Date of Award


Document type


Access Type

Open Access Dissertation

Degree Name

Doctor of Philosophy (PhD)

Degree Program

Molecular and Cellular Biology

First Advisor

D. Joseph Jerry

Second Advisor

Vincent M. Rotello

Third Advisor

Richard B. Arenas

Subject Categories

Cell and Developmental Biology | Cell Biology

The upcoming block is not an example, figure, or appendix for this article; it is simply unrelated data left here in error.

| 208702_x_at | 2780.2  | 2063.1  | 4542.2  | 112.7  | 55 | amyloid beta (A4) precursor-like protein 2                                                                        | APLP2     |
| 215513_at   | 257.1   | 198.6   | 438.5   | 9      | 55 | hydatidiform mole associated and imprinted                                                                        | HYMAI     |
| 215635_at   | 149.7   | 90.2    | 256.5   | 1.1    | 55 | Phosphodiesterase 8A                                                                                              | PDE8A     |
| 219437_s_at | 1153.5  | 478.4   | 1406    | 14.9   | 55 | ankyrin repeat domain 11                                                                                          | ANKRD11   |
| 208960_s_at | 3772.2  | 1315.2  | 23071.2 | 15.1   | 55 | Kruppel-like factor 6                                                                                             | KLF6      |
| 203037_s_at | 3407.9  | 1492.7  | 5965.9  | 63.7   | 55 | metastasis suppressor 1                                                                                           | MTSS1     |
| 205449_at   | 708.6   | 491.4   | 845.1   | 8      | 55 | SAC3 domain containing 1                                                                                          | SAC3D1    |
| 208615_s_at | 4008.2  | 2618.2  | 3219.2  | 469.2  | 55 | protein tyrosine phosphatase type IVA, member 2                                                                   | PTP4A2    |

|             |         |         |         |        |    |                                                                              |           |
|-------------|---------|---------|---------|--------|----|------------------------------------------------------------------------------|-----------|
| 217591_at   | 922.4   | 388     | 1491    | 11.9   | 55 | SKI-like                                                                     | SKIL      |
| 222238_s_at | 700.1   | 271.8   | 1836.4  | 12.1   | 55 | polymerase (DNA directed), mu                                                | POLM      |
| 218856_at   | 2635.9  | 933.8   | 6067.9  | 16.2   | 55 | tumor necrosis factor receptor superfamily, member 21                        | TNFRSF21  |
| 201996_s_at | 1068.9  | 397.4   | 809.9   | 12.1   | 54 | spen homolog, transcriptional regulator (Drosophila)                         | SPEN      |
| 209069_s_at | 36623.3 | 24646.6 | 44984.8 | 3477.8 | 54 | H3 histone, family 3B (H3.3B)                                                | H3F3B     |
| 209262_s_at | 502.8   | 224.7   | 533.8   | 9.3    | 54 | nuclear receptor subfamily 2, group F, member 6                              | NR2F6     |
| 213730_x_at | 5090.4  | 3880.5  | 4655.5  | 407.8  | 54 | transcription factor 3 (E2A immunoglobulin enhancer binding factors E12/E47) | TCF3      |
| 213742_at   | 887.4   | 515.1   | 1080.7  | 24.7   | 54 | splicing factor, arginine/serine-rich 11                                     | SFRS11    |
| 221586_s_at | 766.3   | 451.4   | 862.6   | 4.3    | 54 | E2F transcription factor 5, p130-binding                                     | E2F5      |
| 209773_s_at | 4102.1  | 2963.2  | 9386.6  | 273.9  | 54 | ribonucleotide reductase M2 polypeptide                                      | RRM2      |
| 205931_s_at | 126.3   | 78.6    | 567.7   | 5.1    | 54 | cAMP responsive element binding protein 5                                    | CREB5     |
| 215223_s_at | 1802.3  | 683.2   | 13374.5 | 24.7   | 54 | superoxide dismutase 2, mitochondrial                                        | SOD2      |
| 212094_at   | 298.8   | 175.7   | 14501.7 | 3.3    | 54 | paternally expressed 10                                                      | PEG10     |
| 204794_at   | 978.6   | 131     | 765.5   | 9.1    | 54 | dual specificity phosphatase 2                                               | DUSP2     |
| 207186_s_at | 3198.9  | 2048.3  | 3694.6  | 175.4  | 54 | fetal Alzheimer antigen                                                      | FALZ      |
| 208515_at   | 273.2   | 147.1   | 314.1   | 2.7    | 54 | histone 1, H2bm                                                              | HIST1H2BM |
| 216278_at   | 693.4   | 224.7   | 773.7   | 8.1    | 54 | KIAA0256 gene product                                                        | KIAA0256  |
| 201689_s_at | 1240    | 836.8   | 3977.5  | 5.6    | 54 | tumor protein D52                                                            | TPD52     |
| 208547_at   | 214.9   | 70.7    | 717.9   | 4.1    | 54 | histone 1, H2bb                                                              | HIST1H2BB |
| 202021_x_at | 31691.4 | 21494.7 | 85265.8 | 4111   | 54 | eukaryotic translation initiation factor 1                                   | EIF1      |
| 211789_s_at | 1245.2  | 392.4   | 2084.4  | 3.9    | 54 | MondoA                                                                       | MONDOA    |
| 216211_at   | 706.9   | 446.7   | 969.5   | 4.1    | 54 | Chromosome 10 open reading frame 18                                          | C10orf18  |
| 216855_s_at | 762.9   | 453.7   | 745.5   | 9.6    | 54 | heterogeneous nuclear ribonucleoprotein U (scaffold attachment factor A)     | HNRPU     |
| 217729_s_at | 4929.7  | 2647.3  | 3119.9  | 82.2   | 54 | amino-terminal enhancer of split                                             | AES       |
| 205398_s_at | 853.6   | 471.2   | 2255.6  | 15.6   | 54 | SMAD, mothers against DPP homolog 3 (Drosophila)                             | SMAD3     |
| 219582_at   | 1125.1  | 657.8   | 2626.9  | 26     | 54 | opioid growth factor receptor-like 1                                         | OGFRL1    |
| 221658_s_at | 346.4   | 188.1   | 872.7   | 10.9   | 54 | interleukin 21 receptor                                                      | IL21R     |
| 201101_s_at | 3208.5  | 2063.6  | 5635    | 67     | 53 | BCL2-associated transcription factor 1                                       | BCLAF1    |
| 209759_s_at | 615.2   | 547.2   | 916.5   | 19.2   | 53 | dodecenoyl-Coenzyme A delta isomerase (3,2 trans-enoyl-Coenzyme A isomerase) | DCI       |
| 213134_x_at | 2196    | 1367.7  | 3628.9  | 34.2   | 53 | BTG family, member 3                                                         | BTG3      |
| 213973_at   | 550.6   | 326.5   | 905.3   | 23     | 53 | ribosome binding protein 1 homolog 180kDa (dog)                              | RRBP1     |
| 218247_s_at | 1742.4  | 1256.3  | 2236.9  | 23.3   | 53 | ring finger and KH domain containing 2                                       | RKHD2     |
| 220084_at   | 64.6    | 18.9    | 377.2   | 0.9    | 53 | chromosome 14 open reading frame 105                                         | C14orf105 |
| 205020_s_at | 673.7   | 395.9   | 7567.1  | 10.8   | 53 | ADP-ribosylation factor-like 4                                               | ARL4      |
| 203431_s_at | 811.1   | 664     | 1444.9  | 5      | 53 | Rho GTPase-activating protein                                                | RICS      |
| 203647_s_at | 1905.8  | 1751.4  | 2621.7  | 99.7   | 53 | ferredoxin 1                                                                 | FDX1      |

Mutation and loss of p53 function are common features among human breast cancers. We use BALB/c-Trp53+/- mice as a model to examine the sequence of events leading to mammary tumors. Mammary epithelium proliferation rates were similar in both BALB/c-Trp53+/- mice and wild type controls. Among the 28 mammary tumors collected from BALB/c-Trp53+/- mice, loss of heterozygosity for Trp53 was detected in more than 90% of invasive mammary tumors. Transplantation of Trp53+/- ductal hyperplasias indicated an association between loss of the wild type allele of Trp53 and progression to invasive carcinomas. Expression of biomarkers such as ERα, PR, Her2/Neu and activated Notch1 varied among the tumors suggesting that multiple oncogenic events collaborate with loss of p53 function. The majority of the tumors expressed both luminal and basal cytokeratins (59%). Gene expression analysis showed ligands and receptors of stem cell related pathways, such as Notch and Wnt, were increased in the tumors. These results indicate that mammary tumors in BALB/c Trp53+/- mice might initiate from bipotent mammary progenitor cells. USING MAGNETIC NANOPARTICLES FOR CANCER THERMOTHERAPY Alternating magnetic field (AMF) heating of magnetic nanomaterials provides a promising method for executing therapeutic thermal treatment for cancer patients. In order to explore the potential of magnetic nanoparticles (MNPs) for hyperthermia treatment, we synthesized iron oxide MNPs with various passivation by citric acid, folate, trimethylamine carboxylic acid, or albumin. The albumin passivated MNP (MNP-A) surpassed other MNPs, showing efficient heating with very low inherent cytotoxicity. Confocal microscopy located MNP-A (FITC tagged) accumulation in both cell nucleus and cytosol after 24hr incubation with HeLa cells. The quantity of cell bound MNP-A (including internalized and cell membrane bound MNP-A) was positively associated with MNP-A concentration and incubation time with cells. The MNP-A bound to cells was sufficient to increase the temperature in the cell pellet Δ7°C after 8min exposure to AMF. No significant temperature increase or cell death was detected in control groups. Our data demonstrate that MNP-A provides a selective tool for AMF-induced thermal treatment, as well as useful dosing information for future preclinical animal studies.


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